Effective mitigation plans are an absolutely critical component of mitigation plans for commercial-scale geologic carbon sequestration. One fundamental component of mitigation engineering design is immediate reduction of reservoir pressure. The Southwest Regional Partnership on Carbon Sequestration (SWP) is employing immediate reservoir pressure reduction as a primary mitigation tool in our geologic sequestration field projects. We are also employing multiple injection zones at the SWP deep saline injection site, both to maximize capacity and optimize mitigation plans. We developed models for each of our test sites to forecast optimum density and placement of injection and observation wells. Likewise, we designate certain observation wells as "observation-pressure- reduction," or "OPR" wells. These are wells that serve as observation wells, but are engineered for quick conversion to production (pumping) wells to facilitate immediate pressure reduction, if needed. Results of our reservoir models suggest that immediate pressure reduction may stem geomechanical deformation, stem and/or close crack/fracture growths, shut down "piston-flow" displacement of brines into unintended reservoirs, slow leakage through wellbores, slow leakage of CO2 through faults, and even induce closure of faults. Much like the injection wells, the distribution of such OPR wells is critical. For example, in ongoing Partnership field-testing, observation wells are being drilled that will serve as OPR wells, and we are using reservoir models to identify well locations that optimize both monitoring and mitigation potential. Reservoir model results also suggest that OPR wells can be converted to injection wells to maximize capacity and control reservoir pressure. For example, as one portion of the reservoir "fills" or if pressure control becomes problematic, the injection well can be converted to OPR mode, and the next well in the series (whether linear or in a grid design) can become an injection well. Simulation results suggest that if pressure reduction wells are used to "make space" for CO2 by removing brine ahead of the CO2 front, this pumping will also increase residual gas trapping by promoting horizontal migration. Additional results of our reservoir models suggest several caveats and potential problematic processes: (1) rapid reduction of reservoir pressure decreases CO2 density, potentially leading to accelerated buoyancy effects, (2) premature CO2 breakthrough may occur in pressure reduction wells, (3) pressure reduction decreases solubility of CO2 in the formation water, potentially leading to exsolution and undesired phase changes, and (4) finally, a detailed cost- analysis must accompany such an engineering approach, because reservoir pressures directly affect compression injection costs, e.g., it is possible that pressure reduction wells may reduce or increase net costs of injection, depending on costs associated with water production and handling at the pressure reduction wells. We will show results of this sequestration field engineering approach for specific field tests, including ongoing geologic sequestration field-testing in several U.S. sites, including projects in Utah, New Mexico and Texas. The authors gratefully acknowledge the U.S. Department of Energy and NETL for sponsoring this Southwest Partnership project.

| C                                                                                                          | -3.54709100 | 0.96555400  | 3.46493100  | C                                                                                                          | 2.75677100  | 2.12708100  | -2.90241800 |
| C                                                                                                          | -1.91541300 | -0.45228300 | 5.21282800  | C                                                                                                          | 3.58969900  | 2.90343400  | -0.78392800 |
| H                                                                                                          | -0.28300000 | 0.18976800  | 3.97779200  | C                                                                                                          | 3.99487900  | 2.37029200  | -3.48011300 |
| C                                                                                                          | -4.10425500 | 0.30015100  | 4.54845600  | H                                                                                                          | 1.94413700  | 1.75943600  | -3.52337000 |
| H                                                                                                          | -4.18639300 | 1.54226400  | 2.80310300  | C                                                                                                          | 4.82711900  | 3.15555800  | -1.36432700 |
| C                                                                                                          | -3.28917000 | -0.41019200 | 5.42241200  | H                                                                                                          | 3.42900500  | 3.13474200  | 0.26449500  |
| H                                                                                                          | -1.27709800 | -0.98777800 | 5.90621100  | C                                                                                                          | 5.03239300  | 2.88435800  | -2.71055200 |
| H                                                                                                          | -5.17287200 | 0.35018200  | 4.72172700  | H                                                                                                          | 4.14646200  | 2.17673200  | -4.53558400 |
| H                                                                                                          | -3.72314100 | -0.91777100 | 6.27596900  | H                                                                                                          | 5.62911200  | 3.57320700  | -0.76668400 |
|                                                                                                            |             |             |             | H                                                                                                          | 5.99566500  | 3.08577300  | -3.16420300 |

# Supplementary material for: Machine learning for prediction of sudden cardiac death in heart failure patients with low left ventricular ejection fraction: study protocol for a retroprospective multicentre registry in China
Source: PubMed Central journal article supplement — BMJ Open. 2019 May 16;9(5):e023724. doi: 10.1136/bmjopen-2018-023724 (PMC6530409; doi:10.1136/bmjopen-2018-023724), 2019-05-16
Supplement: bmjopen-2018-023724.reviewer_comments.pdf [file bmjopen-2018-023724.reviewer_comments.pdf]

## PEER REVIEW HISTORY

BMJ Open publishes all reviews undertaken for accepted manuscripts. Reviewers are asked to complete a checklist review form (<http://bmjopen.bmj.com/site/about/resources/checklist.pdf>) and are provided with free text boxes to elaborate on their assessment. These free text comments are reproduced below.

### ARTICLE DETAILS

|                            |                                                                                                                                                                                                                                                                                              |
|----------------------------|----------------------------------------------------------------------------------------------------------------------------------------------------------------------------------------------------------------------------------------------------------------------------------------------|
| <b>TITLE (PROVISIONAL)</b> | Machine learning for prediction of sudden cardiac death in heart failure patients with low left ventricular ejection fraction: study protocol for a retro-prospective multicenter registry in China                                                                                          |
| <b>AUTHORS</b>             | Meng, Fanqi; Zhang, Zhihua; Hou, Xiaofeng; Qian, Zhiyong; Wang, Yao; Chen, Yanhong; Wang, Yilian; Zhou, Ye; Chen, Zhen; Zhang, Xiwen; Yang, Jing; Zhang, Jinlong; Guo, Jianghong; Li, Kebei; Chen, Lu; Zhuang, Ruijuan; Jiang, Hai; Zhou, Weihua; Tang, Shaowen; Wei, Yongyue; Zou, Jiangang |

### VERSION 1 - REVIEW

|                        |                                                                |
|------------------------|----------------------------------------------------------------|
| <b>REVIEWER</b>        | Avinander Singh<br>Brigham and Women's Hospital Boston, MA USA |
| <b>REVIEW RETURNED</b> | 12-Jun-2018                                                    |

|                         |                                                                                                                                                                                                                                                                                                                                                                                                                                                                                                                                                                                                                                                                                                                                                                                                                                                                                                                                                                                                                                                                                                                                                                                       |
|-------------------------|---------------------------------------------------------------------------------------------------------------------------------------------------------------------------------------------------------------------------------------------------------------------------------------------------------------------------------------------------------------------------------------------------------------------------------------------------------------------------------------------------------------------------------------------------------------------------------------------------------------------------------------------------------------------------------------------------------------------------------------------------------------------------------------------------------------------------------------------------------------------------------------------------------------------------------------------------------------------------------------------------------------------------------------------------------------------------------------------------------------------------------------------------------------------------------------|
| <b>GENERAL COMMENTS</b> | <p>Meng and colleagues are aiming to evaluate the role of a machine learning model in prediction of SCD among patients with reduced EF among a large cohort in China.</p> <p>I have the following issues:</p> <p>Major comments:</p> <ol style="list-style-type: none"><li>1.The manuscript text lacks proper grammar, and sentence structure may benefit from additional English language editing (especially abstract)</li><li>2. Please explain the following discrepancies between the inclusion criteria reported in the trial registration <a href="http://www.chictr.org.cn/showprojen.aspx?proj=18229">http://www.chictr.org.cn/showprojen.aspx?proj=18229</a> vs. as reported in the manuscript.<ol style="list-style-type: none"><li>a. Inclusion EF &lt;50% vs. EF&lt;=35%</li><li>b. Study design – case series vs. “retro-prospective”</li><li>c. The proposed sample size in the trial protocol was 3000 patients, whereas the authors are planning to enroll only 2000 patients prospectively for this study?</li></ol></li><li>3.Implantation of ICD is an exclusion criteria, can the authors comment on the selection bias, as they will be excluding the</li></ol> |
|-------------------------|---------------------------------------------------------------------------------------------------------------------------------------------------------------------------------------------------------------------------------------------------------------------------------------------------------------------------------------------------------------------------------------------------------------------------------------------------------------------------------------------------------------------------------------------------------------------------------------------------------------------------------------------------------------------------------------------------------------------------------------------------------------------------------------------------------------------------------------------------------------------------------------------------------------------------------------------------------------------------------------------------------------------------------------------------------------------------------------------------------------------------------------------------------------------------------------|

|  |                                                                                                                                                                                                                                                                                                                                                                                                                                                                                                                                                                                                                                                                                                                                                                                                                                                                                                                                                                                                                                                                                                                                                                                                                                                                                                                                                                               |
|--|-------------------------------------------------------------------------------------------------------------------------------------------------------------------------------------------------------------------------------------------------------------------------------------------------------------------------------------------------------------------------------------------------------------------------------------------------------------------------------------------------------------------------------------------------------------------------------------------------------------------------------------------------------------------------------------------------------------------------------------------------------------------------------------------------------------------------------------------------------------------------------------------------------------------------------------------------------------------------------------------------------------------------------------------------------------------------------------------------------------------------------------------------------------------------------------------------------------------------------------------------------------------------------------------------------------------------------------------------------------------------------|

|Number of pages||3|
|Publication status||Published - 2009 Feb|
|Event||9th International Conference on Greenhouse Gas Control Technologies, GHGT-9 - Washington DC, United States|
Duration: 2008 Nov 16 → 2008 Nov 20
Bibliographical noteFunding Information:
The authors gratefully acknowledge the U.S. Department of Energy and the National Energy Technology Laboratory for supporting this research (cooperative agreement DE-FC26-05NT42591).
All Science Journal Classification (ASJC) codes